In the Thick of It

I have never really lived in a place with winter. Not since I was a little girl and spent a couple of white, wet seasons in upstate New York. I never even learned to ski, thanks to a paranoid gymnastics coach, so I skipped all those Tahoe trips so many of my friends took, and still take.

I have to admit, I was afraid of it. Afraid of the way it might chill me to the bone, especially given how easily I have always gotten cold. Afraid of the slick sidewalks and icy roads. And yes, I was also afraid of what I might do, stuck here in one tiny room longing for my garden and for spring to come.

I have always been able to garden all year through. San Francisco’s temperate climate means there is always something to do — rake, mulch, plant, trim. The garden is always calling you. But not here. Here the garden is sleeping beneath it’s thick, white winter blanket. You can’t even hear it breathing the world is so quiet thanks to the snow.

I never believed I’d actually say this, but I am in love with winter. In love with the white. In love with the silence. In love with the way the world slows down. It is such an amazing blessing, all this space and time I never knew I longed for.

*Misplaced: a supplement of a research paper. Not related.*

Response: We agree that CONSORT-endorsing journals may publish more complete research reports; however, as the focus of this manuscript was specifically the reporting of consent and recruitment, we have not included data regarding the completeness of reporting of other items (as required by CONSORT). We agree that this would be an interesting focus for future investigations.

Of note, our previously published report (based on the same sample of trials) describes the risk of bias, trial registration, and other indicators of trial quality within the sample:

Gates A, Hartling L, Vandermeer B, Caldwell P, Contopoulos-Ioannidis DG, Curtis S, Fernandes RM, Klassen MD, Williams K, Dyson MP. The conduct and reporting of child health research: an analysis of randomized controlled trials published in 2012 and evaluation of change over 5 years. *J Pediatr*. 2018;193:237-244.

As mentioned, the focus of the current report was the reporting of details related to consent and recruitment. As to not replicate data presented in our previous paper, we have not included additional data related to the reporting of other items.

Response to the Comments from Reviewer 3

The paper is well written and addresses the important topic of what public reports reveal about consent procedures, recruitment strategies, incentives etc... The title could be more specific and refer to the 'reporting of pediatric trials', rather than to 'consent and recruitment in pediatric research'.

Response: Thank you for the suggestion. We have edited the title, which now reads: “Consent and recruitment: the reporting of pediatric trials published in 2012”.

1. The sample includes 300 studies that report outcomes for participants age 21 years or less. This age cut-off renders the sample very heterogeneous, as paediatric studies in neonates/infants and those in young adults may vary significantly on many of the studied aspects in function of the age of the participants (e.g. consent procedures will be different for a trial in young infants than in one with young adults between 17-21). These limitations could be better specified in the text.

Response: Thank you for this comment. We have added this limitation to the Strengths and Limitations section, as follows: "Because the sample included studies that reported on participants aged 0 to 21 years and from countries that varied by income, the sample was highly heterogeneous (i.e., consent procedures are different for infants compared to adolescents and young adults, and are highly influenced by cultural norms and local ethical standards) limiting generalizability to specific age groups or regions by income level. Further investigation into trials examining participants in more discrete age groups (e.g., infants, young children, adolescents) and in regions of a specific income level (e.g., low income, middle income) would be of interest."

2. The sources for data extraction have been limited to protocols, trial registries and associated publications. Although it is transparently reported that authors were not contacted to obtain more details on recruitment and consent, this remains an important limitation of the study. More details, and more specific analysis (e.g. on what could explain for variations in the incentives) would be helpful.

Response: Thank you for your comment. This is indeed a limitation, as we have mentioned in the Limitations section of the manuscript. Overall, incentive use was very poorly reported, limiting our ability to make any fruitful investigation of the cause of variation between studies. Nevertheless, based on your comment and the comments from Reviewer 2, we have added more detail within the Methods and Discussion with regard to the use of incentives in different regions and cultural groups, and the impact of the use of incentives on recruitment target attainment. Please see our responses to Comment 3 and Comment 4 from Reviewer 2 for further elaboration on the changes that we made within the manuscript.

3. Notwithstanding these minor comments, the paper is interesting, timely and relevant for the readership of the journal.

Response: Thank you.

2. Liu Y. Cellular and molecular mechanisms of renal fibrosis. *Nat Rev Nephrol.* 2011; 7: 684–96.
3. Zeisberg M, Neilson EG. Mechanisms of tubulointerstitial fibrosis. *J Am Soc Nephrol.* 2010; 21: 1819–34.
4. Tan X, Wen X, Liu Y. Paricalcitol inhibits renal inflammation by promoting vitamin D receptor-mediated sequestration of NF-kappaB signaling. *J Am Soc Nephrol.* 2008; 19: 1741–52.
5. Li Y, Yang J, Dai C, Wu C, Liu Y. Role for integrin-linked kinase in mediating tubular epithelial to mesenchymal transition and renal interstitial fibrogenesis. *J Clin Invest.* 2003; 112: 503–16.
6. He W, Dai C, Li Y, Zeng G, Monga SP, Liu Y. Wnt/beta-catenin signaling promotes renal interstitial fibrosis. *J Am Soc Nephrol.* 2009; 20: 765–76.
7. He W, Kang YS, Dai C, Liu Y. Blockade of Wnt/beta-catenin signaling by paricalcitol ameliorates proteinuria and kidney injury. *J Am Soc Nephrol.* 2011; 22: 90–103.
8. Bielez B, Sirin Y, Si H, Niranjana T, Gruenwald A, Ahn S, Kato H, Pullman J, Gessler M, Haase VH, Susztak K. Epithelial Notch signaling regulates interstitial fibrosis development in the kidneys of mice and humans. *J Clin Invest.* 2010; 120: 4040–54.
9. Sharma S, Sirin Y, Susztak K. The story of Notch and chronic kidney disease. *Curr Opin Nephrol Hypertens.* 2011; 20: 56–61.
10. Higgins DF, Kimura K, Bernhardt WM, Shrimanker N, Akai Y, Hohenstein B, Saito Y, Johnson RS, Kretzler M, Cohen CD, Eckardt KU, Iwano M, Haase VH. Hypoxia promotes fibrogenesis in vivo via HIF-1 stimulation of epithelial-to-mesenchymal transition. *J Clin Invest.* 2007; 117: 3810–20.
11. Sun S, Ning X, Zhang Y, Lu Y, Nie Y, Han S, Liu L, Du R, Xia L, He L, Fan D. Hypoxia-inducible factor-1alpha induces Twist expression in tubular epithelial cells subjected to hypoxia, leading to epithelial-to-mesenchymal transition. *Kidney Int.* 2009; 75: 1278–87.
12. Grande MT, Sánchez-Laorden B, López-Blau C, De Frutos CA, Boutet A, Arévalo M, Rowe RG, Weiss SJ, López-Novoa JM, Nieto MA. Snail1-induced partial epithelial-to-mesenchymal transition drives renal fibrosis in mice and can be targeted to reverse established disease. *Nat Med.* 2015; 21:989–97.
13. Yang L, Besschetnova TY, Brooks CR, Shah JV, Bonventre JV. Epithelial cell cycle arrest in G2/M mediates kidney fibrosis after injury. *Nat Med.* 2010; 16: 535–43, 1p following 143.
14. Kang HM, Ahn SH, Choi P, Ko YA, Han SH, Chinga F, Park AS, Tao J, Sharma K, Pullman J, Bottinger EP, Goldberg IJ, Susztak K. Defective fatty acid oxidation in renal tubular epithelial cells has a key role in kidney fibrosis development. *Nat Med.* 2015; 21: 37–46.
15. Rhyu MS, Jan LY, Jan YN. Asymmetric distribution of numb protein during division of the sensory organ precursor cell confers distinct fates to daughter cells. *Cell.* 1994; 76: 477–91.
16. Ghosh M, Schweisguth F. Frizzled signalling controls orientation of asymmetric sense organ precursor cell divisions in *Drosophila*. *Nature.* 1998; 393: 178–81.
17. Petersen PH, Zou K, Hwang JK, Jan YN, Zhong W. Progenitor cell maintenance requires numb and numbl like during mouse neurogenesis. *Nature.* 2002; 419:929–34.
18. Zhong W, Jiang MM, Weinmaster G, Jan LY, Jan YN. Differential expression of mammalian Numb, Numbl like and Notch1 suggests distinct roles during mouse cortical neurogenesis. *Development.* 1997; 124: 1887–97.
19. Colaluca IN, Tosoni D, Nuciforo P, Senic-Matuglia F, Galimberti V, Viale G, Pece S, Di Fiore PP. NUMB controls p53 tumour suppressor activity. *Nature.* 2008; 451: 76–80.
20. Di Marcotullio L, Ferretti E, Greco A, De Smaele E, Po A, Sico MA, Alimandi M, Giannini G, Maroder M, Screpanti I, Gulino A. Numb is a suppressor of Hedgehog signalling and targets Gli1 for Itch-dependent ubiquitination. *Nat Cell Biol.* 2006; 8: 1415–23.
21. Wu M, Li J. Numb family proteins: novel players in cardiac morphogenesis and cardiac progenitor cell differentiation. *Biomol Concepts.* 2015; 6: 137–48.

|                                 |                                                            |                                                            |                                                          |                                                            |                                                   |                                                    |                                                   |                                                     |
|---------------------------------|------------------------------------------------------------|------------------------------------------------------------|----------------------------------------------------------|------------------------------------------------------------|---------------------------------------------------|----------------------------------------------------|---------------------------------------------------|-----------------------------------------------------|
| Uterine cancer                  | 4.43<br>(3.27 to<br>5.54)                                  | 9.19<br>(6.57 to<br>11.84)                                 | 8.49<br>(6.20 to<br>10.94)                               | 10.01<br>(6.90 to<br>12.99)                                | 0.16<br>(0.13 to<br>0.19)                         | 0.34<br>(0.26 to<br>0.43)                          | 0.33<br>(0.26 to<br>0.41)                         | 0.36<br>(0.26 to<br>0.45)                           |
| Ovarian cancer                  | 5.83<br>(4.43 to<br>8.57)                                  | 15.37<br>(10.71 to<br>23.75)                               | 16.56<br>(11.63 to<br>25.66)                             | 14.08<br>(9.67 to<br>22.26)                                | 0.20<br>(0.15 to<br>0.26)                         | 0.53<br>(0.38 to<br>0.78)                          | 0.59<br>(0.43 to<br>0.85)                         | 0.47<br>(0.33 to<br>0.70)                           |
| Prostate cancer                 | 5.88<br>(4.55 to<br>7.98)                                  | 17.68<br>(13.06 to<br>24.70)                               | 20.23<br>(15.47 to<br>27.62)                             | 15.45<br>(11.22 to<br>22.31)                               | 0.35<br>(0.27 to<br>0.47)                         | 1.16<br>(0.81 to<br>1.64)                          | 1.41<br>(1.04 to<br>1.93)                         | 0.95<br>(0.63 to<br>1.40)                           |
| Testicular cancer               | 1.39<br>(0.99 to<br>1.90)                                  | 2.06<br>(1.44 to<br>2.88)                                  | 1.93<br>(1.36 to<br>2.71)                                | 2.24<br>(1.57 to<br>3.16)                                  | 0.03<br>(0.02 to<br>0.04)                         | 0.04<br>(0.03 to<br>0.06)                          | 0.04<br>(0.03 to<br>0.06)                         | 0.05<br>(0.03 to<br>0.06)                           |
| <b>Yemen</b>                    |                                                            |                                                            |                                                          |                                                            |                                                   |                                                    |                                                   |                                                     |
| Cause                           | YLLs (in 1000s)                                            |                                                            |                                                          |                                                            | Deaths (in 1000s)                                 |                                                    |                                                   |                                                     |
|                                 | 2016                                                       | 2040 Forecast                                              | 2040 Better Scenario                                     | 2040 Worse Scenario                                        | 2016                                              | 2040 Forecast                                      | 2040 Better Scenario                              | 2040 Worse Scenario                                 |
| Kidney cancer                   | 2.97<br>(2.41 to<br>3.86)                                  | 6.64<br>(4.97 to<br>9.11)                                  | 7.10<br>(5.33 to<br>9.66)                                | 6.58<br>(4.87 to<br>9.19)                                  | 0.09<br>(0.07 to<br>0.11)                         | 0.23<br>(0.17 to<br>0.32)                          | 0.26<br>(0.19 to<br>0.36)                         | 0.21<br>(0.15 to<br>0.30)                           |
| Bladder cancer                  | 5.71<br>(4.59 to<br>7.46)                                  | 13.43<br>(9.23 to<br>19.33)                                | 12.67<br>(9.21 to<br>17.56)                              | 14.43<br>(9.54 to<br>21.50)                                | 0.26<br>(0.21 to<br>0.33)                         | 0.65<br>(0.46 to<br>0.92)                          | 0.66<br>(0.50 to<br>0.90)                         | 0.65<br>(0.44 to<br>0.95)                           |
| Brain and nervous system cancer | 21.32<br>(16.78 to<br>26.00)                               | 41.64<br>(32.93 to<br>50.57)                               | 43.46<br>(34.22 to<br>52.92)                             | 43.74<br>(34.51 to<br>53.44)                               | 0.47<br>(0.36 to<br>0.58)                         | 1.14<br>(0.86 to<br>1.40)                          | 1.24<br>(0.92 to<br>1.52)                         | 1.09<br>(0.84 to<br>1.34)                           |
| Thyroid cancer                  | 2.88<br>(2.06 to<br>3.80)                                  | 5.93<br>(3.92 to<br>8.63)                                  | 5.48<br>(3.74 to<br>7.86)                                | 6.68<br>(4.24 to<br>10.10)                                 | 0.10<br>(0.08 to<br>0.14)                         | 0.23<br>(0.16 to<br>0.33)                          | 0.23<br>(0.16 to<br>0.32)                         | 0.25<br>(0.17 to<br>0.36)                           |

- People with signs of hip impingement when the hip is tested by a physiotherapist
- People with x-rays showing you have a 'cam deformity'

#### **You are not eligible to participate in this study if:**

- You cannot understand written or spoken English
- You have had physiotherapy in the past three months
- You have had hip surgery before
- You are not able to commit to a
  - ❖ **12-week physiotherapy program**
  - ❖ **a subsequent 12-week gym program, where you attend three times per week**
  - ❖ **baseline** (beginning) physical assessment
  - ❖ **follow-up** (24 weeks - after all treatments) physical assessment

There is a whole world in this one room, free of the demands of the garden. I have found time to get back to hobbies and projects too long put aside. I have started making quilts again. I have been writing. I have this whole new old life that my lust for greenery had pushed aside, and I am loving it. And I want to share it with you. Because while I am reveling in letting the garden lie fallow, the blog shouldn’t have to. There is enough growth in this one room to keep this space thriving no matter how hard or how long it snows.

Of course that means some things will have to change. This blog will need to stretch out and make room. It will sometimes need to peer into cupboards. It will sometimes need to look out at the world. It will need to find the connection between plant and fabric and word and stone. And there is a connection. It’s called Home.

Winter Comes Early

This morning when I woke up the rain was pounding heavy on the rooftops. Rain we desperately need after the long, dry summer. I listened to it for a long time, letting my mind wander from water, to transforming my new studio casita into a comfortable home, to the words I need to write for this years Nanowrimo novel. By the time my mind returned to the rain, the room had hushed and I was surrounded by a silence I hadn’t known since my few childhood winters in Rochester, New York. A silence I could wrap myself up in like the most comfortable quilt I’ve ever known — the corduroy one my mother made that still sits on the couch in my parent’s family room. I looked out the window to see what it was.

Fat snowflakes floated slowly down in bunches, coating the still-green apple leaves and newly mulched ground in a dusting of white. I have known snowy winters before. I have seen blizzards and light snow. I have experienced the “joys” of sleet and wintery mix. But this was special — my first real snow in my first real home in this strange new place. It is worth every centipede and every cold nose.